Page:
Funk, Matt (2008): On the Problem of the Island of Earth: Introducing a Universal Theory of Value in an Open Letter to The President of the United States.
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This paper introduces a unified theory of value.
|Item Type:||MPRA Paper|
|Original Title:||On the Problem of the Island of Earth: Introducing a Universal Theory of Value in an Open Letter to The President of the United States|
|Keywords:||theory of value; evolutionary stable solution; economic power; military power; national security; global threat mitigation; extinction; human evolution; ideological environmentalism; the problem of induction; karl popper; F.A. von Hayek; austrian economics|
|Subjects:||B - History of Economic Thought, Methodology, and Heterodox Approaches > B4 - Economic Methodology > B40 - General
A - General Economics and Teaching > A1 - General Economics > A12 - Relation of Economics to Other Disciplines
Z - Other Special Topics > Z1 - Cultural Economics; Economic Sociology; Economic Anthropology > Z10 - General
|Depositing User:||Matt Funk|
|Date Deposited:||06. Apr 2009 08:31|
|Last Modified:||12. Feb 2013 00:13|
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Frey, B. S. (2002). Publishing as Prostitution? Choosing Between One‘s Own Ideas and Academic Failure. Published in: Public Choice Vol. 116, 2003, 205-223: Institut für Empirische Wirtschaftsforschung, Universität Zürich. Abstract: Survival in academia depends on publications in refereed journals. Authors only get their papers accepted if they intellectually prostitute themselves by slavishly following the demands made by anonymous referees without property rights on the journals they advise. Intellectual prostitution is neither beneficial to suppliers nor consumers. But it is avoidable. The editor (with property rights on the journal) should make the basic decision of whether a paper is worth publishing or not. The referees only give suggestions on how to improve the paper. The author may disregard this advice. This reduces intellectual prostitution and produces more original publications.
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- - - . (2006d). Personal Correspondence. -----Original Message----- From: Matt Funk <Mfunk@upei.ca> To: Doherty, Peter Sent: Sun Oct 28 20:44:21 2007 Subject: Thomas Kuhn & Karl Popper
Greetings Dr Doherty....I am researching a theory that the rejection of Karl Popper's logic and methods and general acceptance (in a popular sense) of Thomas Kuhn's logic and methods have been detrimental to science, especially social sciences such as economics. Nearly a dozen Nobel Laureates have thanked Popper and acknowledged his great influence upon their work: most notably, of course, is F.A. von Hayek's Sveriges Riksbank Prize Lecture and, perhaps the most notable example in your field may be revealed in Eccles' Nobel biography. I have only been able to discover one Nobel Laureate who acknowledged Kuhn's influence and, curiously, this noble individual (whom of course is you!) acknowledged both Popper and Kuhn: "I was influenced early on by reading Arthur Koestler and Edward de Bono, and more recently by the writings of Karl Popper and Thomas Kuhn." So, naturally, I'm very curious to know if, after nearly a decade, the balance of this influence or your opinions regarding these two philosophers of science has changed? I thank you very much for your time and consideration regarding this matter, as I am inclined to believe the long-term prospects of human survival may hang in the balance to the ultimate answer to this debate. Any words of wisdom you are able to offer on this topic would be greatly appreciated. Sincerely...Matt Funk --- From:Doherty, Peter To:Mfunk@upei.ca Date:10/28/07 11:58 pm Subject: Re: Thomas Kuhn & Karl Popper A long time since I've read either. Popper's views re falsification of a null hypothesis seem correct to me. Much of the world's worst science is done by people who are determined to prove a point. Kuhn's idea of the paradigm shift is spot on.
Peter C. Doherty, Department of Immunology, St Jude Children's Research Hospital, 332 North Lauderdale, Memphis TN 38105 Tel 901-495-3470 Fax 901-495-3107 also at: email@example.com
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Photo: A wild, native bee (Svastra obliqua expurgata) forages on a sunflower. Honey bees that interact with wild, native bees are up to five times more efficient in pollinating sunflowers. Protecting wild bees may help buffer the human food supply from reduced pollination resulting from honey bee shortages. Conservation measures for wild bees include maintaining and restoring natural habitats and adopting bee-friendly farming practices. Image courtesy of Sarah S. Greenleaf.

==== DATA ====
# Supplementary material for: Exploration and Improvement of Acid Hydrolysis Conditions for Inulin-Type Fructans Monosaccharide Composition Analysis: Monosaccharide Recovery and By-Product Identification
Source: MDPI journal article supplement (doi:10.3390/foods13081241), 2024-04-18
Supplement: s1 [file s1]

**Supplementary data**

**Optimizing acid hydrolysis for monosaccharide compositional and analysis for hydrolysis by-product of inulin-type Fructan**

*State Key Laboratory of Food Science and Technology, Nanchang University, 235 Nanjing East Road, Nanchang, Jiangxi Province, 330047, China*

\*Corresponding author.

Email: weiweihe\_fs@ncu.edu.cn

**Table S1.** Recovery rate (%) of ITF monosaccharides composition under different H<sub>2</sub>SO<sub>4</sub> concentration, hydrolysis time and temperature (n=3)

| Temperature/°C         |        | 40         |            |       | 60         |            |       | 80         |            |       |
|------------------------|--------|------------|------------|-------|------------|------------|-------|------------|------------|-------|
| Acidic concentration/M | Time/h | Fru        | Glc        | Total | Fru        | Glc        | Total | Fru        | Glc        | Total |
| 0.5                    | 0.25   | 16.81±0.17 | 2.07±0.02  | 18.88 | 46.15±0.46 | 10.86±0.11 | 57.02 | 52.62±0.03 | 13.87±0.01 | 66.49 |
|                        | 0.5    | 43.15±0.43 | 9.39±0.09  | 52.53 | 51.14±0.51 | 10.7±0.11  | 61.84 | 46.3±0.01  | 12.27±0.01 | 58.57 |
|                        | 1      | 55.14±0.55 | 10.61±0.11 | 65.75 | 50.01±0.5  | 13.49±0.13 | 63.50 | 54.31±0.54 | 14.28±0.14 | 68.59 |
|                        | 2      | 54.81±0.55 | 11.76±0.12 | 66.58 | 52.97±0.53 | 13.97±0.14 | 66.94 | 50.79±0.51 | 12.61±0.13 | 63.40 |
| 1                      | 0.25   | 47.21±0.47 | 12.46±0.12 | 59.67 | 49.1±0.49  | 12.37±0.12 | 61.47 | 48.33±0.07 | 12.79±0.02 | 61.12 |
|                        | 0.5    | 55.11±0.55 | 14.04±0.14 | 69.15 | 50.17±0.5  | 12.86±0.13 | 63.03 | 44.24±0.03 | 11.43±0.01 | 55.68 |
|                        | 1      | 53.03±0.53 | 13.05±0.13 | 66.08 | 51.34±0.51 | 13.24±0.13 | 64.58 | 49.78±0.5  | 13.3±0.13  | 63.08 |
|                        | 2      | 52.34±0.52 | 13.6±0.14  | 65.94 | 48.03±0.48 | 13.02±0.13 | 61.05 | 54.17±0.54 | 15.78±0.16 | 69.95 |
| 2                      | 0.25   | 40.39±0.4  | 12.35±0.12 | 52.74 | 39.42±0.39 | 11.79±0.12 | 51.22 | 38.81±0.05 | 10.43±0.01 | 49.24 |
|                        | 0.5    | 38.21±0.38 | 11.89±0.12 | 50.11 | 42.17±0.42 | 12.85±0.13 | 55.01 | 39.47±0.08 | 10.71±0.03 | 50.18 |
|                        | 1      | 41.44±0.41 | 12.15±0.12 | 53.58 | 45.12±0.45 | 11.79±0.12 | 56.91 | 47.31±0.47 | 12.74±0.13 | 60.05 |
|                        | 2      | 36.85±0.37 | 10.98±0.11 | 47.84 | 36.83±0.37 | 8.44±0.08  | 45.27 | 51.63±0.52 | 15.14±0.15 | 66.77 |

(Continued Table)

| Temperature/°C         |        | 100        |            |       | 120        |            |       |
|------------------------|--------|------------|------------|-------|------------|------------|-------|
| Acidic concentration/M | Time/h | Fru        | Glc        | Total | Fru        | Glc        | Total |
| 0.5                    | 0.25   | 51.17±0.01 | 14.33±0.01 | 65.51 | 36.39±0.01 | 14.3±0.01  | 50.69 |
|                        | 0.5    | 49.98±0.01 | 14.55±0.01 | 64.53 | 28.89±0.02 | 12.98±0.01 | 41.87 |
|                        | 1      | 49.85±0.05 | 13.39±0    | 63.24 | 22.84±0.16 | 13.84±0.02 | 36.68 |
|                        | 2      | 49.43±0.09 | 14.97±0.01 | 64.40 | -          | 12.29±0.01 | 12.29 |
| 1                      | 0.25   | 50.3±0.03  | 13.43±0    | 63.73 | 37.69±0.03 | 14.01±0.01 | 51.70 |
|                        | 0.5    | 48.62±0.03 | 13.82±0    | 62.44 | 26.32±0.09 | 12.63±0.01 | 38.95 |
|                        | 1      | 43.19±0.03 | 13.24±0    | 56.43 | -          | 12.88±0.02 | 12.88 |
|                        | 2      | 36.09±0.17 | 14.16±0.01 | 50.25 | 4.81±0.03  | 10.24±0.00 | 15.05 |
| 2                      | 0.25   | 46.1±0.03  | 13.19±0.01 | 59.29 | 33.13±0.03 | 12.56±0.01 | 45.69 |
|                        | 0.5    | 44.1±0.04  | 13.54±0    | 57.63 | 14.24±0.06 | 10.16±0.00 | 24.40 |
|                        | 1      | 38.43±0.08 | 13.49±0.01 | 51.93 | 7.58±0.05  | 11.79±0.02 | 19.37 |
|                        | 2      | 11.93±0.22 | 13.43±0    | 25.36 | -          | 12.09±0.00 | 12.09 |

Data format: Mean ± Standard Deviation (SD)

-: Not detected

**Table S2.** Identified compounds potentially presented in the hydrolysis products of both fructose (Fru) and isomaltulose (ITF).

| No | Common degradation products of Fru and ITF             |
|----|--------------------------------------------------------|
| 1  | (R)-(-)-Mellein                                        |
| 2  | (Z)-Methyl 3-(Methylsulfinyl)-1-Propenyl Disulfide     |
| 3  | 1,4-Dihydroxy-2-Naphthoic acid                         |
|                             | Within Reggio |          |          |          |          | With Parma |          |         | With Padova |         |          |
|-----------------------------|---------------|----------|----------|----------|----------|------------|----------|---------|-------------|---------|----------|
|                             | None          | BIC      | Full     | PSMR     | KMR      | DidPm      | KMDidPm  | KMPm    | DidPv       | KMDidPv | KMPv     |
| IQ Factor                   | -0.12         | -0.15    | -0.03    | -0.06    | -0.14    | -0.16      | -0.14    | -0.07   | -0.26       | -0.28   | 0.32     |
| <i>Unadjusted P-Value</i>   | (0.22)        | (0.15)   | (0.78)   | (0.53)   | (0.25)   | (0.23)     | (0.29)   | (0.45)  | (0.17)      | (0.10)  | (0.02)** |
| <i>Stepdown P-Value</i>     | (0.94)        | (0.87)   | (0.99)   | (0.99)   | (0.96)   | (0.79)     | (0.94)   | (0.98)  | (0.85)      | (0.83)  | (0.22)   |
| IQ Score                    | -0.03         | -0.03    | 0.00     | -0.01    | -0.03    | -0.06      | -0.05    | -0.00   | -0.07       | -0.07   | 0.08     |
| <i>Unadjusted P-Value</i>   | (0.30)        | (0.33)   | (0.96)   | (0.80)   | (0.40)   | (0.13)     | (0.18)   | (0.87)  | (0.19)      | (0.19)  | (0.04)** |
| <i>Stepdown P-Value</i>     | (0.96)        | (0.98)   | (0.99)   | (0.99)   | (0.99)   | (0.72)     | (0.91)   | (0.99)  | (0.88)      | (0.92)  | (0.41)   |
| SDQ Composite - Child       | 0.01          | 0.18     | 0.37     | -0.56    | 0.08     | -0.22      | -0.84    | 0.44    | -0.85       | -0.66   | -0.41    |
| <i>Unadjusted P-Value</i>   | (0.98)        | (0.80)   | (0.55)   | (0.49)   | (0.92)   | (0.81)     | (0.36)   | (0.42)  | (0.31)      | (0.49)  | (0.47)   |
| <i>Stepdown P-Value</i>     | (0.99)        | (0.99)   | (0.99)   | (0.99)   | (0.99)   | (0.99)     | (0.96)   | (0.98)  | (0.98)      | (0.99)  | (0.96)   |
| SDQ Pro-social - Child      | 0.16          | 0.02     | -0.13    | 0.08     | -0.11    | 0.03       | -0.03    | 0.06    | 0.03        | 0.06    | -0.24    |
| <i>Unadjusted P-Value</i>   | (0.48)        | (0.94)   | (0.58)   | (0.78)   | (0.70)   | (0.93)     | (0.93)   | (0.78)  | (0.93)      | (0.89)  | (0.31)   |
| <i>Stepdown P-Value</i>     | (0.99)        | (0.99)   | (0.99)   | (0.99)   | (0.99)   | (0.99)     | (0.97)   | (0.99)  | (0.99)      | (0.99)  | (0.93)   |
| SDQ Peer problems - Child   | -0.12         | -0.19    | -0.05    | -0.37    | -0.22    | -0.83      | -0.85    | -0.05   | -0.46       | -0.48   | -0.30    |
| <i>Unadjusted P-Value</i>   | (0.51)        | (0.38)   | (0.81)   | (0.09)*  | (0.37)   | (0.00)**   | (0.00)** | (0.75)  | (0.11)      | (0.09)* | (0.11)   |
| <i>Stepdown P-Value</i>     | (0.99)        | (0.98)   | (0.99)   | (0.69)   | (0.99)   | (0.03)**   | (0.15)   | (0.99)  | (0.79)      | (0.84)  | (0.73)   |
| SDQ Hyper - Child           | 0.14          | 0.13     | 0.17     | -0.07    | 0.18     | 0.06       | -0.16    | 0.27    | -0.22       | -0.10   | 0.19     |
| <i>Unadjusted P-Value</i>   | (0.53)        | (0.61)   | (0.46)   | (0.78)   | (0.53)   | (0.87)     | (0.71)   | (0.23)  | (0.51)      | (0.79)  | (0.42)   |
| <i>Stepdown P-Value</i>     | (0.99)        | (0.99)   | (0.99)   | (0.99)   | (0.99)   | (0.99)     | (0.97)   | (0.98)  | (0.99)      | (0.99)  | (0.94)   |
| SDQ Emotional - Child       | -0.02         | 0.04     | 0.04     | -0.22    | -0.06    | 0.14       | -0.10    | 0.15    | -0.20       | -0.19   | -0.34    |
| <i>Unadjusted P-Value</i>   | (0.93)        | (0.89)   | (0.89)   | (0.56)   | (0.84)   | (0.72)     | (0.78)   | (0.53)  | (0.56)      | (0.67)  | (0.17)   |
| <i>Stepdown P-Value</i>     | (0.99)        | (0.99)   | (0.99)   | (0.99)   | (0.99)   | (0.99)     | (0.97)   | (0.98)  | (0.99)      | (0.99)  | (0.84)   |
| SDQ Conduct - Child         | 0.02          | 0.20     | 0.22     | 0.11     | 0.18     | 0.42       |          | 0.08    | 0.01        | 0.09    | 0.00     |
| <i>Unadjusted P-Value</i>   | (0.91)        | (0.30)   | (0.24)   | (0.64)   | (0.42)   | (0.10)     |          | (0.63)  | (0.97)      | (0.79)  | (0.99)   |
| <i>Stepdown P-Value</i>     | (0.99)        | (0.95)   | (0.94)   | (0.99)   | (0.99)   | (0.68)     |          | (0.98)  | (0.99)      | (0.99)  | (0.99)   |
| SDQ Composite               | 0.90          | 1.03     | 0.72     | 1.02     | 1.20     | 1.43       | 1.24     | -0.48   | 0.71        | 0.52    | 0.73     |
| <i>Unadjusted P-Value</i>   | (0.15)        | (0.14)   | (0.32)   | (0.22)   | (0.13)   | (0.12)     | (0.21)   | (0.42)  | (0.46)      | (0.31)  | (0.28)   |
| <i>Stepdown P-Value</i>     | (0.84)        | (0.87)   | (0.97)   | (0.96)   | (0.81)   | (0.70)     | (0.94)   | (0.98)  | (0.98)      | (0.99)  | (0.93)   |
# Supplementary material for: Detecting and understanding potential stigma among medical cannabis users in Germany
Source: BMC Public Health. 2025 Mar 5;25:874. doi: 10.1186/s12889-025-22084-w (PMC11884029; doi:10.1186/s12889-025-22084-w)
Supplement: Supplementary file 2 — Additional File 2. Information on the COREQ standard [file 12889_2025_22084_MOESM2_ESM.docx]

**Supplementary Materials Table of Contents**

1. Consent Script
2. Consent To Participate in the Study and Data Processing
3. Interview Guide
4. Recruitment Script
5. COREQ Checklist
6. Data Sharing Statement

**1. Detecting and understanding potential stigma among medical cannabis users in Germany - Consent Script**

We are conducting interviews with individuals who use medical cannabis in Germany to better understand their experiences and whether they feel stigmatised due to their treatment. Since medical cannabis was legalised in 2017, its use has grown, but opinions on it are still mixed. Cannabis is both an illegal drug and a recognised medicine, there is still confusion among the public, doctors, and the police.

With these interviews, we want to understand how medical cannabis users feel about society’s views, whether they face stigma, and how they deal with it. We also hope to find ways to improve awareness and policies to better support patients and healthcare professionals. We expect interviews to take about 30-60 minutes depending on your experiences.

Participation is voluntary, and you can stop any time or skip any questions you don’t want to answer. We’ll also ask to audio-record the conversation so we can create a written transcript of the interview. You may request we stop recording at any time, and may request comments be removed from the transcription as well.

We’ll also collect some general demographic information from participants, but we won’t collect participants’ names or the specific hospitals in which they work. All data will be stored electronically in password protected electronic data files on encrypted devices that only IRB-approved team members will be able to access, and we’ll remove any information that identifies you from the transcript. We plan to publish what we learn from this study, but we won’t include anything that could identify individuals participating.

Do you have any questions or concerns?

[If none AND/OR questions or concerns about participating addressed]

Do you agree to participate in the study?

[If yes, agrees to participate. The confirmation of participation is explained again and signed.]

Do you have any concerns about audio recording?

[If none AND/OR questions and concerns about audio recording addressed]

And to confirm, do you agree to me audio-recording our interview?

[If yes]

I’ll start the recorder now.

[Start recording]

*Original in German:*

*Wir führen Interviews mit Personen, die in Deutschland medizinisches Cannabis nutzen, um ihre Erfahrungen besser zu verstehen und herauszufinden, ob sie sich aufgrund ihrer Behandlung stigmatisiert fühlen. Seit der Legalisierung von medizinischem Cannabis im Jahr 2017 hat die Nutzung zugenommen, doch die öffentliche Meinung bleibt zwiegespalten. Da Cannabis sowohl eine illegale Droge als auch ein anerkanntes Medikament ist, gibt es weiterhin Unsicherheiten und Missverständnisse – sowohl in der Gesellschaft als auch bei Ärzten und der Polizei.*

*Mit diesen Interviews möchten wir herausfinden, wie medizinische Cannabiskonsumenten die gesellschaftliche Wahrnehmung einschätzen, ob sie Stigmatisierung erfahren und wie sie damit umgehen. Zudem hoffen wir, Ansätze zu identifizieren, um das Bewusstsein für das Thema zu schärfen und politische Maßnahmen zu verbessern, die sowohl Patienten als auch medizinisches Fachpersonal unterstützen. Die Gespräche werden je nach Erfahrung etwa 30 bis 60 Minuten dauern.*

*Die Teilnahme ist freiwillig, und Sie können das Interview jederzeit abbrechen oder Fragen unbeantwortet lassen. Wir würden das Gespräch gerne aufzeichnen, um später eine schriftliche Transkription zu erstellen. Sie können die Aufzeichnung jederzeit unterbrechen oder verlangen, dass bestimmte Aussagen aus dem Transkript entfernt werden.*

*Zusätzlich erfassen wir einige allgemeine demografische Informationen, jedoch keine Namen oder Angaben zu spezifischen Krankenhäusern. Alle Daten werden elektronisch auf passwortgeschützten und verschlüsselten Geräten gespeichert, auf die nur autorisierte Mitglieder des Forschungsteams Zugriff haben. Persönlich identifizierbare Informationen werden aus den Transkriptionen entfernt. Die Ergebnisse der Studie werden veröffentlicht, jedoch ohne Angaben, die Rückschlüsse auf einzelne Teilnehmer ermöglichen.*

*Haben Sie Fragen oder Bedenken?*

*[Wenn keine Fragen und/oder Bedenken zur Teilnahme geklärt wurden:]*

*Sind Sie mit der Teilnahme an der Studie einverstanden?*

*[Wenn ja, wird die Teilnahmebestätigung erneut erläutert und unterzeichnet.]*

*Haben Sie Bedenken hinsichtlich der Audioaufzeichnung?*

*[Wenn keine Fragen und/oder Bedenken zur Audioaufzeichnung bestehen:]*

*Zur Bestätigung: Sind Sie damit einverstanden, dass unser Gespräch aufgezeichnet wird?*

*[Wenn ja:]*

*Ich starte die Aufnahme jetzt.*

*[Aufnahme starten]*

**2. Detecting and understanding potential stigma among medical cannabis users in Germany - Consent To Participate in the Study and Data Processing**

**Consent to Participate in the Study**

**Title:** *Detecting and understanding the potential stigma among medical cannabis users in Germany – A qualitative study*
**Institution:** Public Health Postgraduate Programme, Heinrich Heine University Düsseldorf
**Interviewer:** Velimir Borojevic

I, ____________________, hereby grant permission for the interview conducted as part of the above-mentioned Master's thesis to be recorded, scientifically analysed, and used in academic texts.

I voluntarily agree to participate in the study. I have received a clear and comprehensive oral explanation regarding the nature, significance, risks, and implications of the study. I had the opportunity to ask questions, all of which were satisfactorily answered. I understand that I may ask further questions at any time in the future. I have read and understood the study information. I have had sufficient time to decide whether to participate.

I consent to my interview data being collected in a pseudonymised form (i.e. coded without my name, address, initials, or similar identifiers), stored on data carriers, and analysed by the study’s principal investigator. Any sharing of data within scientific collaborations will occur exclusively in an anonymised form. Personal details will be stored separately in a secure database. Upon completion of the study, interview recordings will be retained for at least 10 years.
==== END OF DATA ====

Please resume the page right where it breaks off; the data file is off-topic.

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Jarvis, D. I., Brown, A. H. D., Cuong, P. H., Collado-Panduro, L., Latournerie- Moreno, L., Gyawali S., Tanto, T., Sawadogo, M., Mar, Istvan., Sadiki, M., Thi-Ngoc Hue, N., Arias-Reyes, L., Bajracharya, D. J., Castillo, F., Rijal, D., Belqadi, L., Rana, R., Saidi, S., Ouedraogo, J., Zangre, R., Rhrib, K., Chavez, J. L., Schoen, D., Sthapit, B., De Santis, P., Fadda, C., & Hodgkin, T. (2008). A global perspective of the richness and evenness of traditional crop-variety diversity maintained by farming communities. “Proceedings of the National Academy of Sciences of the United States of America”. PNAS. Published online on March 24, 2008, 10.1073/pnas. 0800607105 PNAS | April 8, 2008 | vol. 105 | no. 14 | 5326-5331. Communicated by Hans R. Herren, Millennium Institute, Arlington, VA, January 26, 2008 (received for review July 18, 2007). Abstract: Varietal data from 27 crop species from five continents were drawn together to determine overall trends in crop varietal diversity on farm. Measurements of richness, evenness, and divergence showed that considerable crop genetic diversity continues to be maintained on farm, in the form of traditional crop varieties. Major staples had higher richness and evenness than nonstaples. Variety richness for clonal species was much higher than that of other breeding systems. A close linear relationship between traditional variety richness and evenness (both transformed), empirically derived from data spanning a wide range of crops and countries, was found both at household and community levels. Fitting a neutral "function" to traditional variety diversity relationships, comparable to a species abundance distribution of "neutral ecology," provided a benchmark to assess the standing diversity on farm. In some cases, high dominance occurred, with much of the variety richness held at low frequencies. This suggested that diversity may be maintained as an insurance to meet future environmental changes or social and economic needs. In other cases, a more even frequency distribution of varieties was found, possibly implying that farmers are selecting varieties to service a diversity of current needs and purposes. Divergence estimates, measured as the proportion of community evenness displayed among farmers, underscore the importance of a large number of small farms adopting distinctly diverse varietal strategies as a major force that maintains crop genetic diversity on farm. Jarvie, I. C., & Pralong, S. (1999). Popper's Open society after fifty years. London ; New York: Routledge. 1. In intellectual circles Popper was very much admired. But because The Open Society and Its Enemies was hostile to so much academic pretension it was treated less than respectfully by those in the various specialties upon whose turf it trod (p 6). 2. In 1950, Popper went to Harvard to deliver the prestigious William James lectures. During his time in the States he appears to have given a talk at the University of Chicago, where Strauss taught. Strauss told Voegelin that the talk “was very bad,” “the most washed-out, lifeless positivism” (Emberly and Cooper 1993: 67), and inquired of his opinion of Popper. Voegelin replied with a vicious letter. He reports having reluctantly read Popper because so many people insist his Open Society is a masterpiece. His judgment is that the book is “impudent, dilettantish crap. Every single sentence is a scandal . . .” (ibid.). Noting that Popper takes the concept of open society from Bergson, he comments that Bergson did not develop it “for the sole purpose that the coffeehouse scum might have some-thing to botch.” Voegelin believed that Bergson would have thought that “Popper’s idea of the open society is ideological rubbish” (ibid.). Voegelin is only just getting started. He accuses Popper of “impertinent disregard for the achievements in this particular problem area [the history of political thought]” (Emberly and Cooper 1993: 68) and of being unable to reproduce accurately the ideas of Plato and Hegel. Popper is “a primitive ideological brawler.” Voegelin then strings more epithets together, “a failed intellectual,” “rascally impertinent, loutish; in terms of technical competence as a piece in the history of thought, it is dilettantish, and as a result is worthless” (Emberley and Cooper 1993: 67). The reader astonished at this undignified diatribe needs to remember that in the book in question Popper is vehement about the duty to think for oneself and not to defer to the authority of experts. Strauss and Voegelin agree on the opposite, and on the duty of the enlightened elite to defend standards. Strauss had said he was willing to keep Voegelin’s remarks to himself. Voegelin concludes: “It would not be suitable to show this letter to the unqualified. Where it concerns its factual contents, I would see it as a violation of the vocational duty you identified, to support this scandal through silence” (Emberly and Cooper 1993: 69). Following this invitation, Strauss showed the letter to Kurt Riezler, “who was thereby encouraged to throw his not inconsiderable influence into the balance against Popper’s probable appointment here [in the US]. You thereby helped to prevent a scandal.” With hindsight one might think that the scandal is that someone who had dared to challenge the traditional Germanic learning, the worship of the great men, the enemies of science and Enlightenment, is not met out in the open with argument, but is disposed of b